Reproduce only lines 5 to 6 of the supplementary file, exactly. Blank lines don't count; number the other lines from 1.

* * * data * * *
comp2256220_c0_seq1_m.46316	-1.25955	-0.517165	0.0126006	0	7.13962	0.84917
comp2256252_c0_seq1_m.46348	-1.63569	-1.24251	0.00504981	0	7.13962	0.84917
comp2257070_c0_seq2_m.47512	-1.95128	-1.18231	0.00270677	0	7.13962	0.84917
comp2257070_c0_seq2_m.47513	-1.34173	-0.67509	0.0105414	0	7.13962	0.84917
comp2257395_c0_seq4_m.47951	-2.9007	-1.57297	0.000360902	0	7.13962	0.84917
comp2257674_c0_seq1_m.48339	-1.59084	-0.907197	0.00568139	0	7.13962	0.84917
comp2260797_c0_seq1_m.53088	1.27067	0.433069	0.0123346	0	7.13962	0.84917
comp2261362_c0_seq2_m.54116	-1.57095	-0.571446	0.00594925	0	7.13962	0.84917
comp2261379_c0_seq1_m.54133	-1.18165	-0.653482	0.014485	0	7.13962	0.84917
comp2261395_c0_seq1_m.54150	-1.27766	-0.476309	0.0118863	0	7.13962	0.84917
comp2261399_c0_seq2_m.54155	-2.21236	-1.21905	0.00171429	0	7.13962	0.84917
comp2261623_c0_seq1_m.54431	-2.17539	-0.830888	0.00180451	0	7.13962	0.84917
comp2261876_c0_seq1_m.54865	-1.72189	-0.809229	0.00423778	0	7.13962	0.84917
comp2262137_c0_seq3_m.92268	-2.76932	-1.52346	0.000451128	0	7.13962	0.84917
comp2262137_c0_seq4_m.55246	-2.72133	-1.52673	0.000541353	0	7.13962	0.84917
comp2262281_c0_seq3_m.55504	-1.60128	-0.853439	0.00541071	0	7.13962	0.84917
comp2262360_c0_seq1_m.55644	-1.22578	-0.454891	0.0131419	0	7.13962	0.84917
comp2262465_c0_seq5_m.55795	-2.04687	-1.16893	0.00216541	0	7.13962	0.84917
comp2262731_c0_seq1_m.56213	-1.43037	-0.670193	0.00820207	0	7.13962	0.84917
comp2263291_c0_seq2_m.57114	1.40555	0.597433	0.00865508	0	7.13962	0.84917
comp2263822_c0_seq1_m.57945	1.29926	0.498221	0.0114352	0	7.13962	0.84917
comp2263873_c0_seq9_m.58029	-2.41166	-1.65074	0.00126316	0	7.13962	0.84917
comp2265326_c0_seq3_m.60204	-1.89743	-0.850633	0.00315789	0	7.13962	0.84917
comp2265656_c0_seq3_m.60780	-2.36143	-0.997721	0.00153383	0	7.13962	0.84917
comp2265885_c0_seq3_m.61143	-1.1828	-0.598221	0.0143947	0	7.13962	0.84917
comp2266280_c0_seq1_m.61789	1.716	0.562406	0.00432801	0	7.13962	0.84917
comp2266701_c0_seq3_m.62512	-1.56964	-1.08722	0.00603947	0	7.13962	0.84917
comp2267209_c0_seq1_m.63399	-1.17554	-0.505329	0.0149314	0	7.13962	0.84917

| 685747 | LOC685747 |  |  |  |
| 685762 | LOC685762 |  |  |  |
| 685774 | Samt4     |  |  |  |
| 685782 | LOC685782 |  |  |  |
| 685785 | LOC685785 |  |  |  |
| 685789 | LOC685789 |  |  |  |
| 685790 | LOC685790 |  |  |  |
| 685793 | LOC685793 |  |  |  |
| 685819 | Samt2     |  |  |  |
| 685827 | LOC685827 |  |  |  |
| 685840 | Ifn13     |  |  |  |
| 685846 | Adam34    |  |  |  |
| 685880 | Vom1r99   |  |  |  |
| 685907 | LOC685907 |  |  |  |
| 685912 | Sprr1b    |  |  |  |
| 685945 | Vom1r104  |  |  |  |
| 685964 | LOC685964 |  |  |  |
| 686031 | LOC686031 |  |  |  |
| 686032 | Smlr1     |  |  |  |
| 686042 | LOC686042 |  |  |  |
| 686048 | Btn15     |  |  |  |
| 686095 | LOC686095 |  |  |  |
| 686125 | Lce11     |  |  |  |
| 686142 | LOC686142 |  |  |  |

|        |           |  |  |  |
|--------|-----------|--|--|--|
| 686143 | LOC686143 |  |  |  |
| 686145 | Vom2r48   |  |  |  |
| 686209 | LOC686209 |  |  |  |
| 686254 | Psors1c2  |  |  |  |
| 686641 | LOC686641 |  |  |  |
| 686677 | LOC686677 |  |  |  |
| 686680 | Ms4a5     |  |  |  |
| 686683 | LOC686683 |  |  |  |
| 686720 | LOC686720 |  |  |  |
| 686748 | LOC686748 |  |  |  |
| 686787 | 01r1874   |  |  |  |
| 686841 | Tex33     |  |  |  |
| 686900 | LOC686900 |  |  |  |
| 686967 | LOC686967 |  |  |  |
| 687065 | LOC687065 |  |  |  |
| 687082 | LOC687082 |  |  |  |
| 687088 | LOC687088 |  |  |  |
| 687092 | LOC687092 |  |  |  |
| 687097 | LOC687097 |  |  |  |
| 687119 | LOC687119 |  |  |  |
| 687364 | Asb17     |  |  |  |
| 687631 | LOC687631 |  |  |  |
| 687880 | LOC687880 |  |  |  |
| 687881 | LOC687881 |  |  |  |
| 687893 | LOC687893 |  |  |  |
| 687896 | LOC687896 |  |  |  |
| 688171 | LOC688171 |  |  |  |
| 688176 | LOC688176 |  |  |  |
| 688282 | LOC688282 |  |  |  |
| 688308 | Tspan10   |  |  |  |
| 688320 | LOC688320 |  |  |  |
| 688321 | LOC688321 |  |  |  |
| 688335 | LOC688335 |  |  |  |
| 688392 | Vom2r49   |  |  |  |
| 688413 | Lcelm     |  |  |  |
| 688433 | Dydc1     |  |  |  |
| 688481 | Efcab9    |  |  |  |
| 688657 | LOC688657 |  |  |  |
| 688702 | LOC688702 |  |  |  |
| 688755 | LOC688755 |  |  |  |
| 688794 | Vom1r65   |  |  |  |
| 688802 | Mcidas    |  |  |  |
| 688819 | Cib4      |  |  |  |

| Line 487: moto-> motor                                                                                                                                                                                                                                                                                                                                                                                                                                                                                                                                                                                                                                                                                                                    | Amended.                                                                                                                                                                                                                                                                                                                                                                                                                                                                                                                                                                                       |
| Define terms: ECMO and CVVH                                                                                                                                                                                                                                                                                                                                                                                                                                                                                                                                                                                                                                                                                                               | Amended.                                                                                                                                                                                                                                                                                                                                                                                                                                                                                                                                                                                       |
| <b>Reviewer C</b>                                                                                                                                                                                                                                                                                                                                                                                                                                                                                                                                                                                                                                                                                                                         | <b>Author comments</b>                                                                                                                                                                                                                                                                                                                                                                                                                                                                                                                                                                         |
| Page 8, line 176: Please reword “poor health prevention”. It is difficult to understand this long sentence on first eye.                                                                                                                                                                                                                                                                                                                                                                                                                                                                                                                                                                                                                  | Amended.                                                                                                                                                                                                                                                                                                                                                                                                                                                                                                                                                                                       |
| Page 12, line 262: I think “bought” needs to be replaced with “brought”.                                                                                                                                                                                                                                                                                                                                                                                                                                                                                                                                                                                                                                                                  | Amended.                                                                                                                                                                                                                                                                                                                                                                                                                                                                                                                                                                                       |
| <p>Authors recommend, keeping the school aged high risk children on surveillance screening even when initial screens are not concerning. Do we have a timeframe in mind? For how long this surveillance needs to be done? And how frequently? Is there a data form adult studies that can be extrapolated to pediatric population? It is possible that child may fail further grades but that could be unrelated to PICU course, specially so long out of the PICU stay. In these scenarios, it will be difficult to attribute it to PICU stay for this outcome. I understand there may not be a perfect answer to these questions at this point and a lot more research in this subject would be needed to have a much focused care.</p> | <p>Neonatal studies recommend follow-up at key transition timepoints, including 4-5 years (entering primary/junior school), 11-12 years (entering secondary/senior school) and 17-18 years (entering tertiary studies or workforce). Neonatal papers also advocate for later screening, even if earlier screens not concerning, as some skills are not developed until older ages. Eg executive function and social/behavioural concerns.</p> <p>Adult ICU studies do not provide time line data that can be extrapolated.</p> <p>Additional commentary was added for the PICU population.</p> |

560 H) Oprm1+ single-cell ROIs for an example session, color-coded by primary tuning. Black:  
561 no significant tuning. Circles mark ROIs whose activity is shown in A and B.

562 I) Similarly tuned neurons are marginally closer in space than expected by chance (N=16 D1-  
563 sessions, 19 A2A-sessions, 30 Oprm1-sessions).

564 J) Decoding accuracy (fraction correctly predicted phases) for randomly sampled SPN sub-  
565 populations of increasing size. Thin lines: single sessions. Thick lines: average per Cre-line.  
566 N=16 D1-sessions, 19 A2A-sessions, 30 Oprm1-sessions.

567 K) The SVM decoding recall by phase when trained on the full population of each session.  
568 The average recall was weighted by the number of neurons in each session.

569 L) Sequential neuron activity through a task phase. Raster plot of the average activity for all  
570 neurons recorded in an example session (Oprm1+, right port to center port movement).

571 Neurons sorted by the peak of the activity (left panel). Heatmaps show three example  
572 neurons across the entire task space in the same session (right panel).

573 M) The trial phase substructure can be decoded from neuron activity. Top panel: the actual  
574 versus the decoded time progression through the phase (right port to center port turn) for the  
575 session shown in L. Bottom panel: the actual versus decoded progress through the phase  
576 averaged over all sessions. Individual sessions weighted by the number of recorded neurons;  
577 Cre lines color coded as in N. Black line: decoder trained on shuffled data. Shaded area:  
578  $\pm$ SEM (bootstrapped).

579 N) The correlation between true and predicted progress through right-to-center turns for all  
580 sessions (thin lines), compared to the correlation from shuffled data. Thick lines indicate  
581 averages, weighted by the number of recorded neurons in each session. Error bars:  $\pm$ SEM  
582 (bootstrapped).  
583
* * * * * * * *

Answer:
comp2257395_c0_seq4_m.47951	-2.9007	-1.57297	0.000360902	0	7.13962	0.84917
comp2257674_c0_seq1_m.48339	-1.59084	-0.907197	0.00568139	0	7.13962	0.84917